Over the past decade, I have been engaged in an inquiry into the nature of judgment, given that I have had the privilege of setting up new entities and programmes over the course of my two-decade career.
I will attempt to capture some thoughts from these experiences in this column as time goes by.
An area that has intrigued me the most – as those who have been in leadership and entrepreneurial start-up positions will appreciate – is the challenge of decision-making in times of uncertainty.
This has implications for organisations: how executive directors are chosen, boards composed and expert advice sought, as well as what the learning culture of the organisation should be in order to gather pearls of wisdom, as it were.
Simply put, no perfect decision exists in an imperfect world.
In a complex world, past experience counts for little at times. What’s more, more data may not tell you which way to go, and neither can outcomes be assured. Even the best of information and knowledge make one no wiser.
One is also aware that placing faith in reason and wise counsel may not be the sole factor for good outcomes. Other forces that are not within our control could also be behind the success of outcomes. We may, in the stories we tell others and ourselves, put everything down to group or individual ingenuity but, quietly, we may be all in praise of luck and good circumstance.
The desire to understand the basis for good judgment has led to a wide range of reading and experiments on the issue of decision- making in times of uncertainty.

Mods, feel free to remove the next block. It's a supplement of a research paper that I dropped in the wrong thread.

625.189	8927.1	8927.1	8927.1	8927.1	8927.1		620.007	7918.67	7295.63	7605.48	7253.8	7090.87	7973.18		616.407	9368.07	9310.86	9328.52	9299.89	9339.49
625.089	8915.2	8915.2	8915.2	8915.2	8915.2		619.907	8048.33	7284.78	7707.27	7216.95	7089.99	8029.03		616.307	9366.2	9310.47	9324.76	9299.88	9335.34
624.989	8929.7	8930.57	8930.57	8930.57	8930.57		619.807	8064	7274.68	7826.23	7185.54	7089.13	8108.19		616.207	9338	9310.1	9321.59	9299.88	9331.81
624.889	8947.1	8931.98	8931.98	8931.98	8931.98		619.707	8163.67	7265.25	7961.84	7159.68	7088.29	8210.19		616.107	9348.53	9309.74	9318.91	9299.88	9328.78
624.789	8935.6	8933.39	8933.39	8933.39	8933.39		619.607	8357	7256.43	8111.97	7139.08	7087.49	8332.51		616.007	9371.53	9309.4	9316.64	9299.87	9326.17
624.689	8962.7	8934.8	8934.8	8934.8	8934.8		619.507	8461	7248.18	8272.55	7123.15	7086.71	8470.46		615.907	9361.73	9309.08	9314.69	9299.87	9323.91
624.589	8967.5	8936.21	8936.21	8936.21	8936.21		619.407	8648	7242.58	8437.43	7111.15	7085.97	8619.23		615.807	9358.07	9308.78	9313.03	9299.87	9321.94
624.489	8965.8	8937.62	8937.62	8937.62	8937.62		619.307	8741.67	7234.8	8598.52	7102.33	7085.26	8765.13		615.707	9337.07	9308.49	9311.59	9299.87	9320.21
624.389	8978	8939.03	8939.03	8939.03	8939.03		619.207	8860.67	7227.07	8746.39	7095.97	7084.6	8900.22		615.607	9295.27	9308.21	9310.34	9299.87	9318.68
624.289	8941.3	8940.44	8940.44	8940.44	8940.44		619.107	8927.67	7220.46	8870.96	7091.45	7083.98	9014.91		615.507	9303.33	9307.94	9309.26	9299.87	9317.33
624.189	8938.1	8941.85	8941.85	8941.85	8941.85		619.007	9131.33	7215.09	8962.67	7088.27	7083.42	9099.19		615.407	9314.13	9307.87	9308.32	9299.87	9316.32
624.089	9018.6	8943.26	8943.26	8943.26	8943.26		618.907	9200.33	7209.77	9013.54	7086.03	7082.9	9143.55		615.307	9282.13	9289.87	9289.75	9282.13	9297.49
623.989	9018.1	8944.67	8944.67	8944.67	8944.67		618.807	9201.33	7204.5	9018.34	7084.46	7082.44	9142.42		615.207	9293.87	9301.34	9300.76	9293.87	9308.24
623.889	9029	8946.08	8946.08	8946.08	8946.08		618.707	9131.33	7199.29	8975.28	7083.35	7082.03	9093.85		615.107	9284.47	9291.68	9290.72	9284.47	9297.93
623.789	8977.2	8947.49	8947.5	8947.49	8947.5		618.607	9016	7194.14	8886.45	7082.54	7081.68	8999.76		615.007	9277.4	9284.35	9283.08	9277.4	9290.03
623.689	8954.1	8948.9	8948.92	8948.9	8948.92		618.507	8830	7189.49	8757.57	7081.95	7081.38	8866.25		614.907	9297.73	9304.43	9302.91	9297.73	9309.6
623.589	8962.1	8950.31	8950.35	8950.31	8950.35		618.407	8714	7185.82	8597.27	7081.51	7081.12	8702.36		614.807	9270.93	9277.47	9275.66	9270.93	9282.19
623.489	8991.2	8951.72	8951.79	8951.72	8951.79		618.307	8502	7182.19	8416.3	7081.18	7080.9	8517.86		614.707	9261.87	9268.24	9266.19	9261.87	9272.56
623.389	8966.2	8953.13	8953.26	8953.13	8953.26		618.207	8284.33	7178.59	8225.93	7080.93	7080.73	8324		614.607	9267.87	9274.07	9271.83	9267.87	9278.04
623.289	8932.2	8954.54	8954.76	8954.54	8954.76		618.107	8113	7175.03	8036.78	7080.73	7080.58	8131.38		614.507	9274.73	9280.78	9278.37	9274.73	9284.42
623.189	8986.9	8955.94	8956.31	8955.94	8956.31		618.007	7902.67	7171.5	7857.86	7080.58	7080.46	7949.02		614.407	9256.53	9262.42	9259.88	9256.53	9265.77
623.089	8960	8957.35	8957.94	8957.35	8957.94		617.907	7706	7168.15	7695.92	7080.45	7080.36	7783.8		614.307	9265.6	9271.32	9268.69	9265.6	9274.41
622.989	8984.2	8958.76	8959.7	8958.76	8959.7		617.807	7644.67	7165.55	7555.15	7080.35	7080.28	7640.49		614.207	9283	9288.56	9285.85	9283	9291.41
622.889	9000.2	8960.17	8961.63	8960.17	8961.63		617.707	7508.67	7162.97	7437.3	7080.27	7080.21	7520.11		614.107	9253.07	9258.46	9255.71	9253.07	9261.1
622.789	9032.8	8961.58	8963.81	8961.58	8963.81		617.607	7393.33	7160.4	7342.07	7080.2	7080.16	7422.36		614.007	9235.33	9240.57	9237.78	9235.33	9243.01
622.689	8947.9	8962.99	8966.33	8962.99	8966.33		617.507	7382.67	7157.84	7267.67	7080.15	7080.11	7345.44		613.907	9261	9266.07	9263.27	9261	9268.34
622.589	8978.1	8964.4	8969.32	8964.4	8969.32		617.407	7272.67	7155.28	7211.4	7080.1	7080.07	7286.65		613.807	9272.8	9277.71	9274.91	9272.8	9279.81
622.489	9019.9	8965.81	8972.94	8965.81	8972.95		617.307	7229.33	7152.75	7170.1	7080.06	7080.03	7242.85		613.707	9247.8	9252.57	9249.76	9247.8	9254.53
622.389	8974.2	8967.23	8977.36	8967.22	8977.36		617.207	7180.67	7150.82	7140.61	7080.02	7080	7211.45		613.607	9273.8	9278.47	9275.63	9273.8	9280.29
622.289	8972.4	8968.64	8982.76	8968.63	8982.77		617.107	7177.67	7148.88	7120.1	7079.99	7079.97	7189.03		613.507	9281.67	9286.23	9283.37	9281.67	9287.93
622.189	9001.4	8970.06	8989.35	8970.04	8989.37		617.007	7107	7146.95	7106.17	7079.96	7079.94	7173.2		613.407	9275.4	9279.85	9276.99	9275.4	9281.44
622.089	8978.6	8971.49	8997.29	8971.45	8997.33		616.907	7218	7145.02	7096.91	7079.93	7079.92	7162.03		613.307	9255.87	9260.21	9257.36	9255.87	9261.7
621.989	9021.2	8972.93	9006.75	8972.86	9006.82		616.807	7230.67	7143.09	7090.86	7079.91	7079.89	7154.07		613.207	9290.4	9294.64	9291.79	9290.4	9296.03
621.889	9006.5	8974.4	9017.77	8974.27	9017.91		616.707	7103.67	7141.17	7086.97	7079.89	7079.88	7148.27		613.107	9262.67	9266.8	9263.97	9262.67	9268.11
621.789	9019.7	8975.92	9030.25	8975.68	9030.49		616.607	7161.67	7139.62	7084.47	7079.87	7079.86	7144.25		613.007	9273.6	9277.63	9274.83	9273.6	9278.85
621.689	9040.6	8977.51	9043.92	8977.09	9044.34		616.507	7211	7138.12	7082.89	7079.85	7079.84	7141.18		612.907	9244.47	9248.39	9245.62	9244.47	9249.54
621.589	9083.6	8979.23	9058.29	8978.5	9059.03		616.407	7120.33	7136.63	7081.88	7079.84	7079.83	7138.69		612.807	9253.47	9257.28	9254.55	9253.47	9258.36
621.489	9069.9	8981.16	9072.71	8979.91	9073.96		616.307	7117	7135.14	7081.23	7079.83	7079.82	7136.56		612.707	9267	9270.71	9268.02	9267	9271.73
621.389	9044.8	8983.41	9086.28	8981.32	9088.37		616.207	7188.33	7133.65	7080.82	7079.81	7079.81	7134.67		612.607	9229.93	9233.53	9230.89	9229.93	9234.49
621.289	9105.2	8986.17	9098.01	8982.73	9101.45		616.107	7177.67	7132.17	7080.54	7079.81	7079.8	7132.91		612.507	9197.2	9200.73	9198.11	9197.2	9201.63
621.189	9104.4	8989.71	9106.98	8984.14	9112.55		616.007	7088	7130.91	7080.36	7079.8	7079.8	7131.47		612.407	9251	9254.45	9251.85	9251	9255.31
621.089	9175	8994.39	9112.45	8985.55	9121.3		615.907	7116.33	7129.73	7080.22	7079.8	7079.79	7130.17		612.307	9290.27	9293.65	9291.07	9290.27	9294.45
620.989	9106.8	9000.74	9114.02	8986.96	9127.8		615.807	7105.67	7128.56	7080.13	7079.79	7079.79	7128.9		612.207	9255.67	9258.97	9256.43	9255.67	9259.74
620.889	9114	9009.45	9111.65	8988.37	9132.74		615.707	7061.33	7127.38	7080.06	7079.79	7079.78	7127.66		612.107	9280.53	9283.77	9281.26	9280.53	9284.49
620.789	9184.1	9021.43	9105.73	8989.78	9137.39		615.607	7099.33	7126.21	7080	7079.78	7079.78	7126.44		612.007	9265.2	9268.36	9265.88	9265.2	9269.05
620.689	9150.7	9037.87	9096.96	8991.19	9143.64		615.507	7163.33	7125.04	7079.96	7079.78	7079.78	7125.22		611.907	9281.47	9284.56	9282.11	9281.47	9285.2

Reading has taken me from philosophical pragmatism, particularly the works of William James and John Dewey, where the idea of truth and how we understand the world is premised on the notion that what one knows is dependent on a variety of processes: intuition, inductive knowledge or experiment and experience. Their main contention is that there is always a chance that new contexts and facts will offer new truths – everything we can know of the world is contingent, never permanent.
Wise decisions are also premised on the idea that you can isolate personal biases and anxieties, group-think (many institutions suffer from this and it has been extensively studied, if you consider the works of Pathenope Bion and William Whyte) and not to discount personal ego and honour that can interfere with the ability to make commonsensical and impartial judgment calls.
The entire field of judgment today is growing in influence through the works of a number of thinkers in psychology, behavioural economics, network theory and, believe it or not, the growing interest in ‘pseudo’ science.
Network theories describe why some ideas and famous people have succeeded, whereas others with similar ideas and gifts have not succeeded. In most cases, network effects mean everything for success rather than just the special gifts or judgments of talented people.Past Intuitions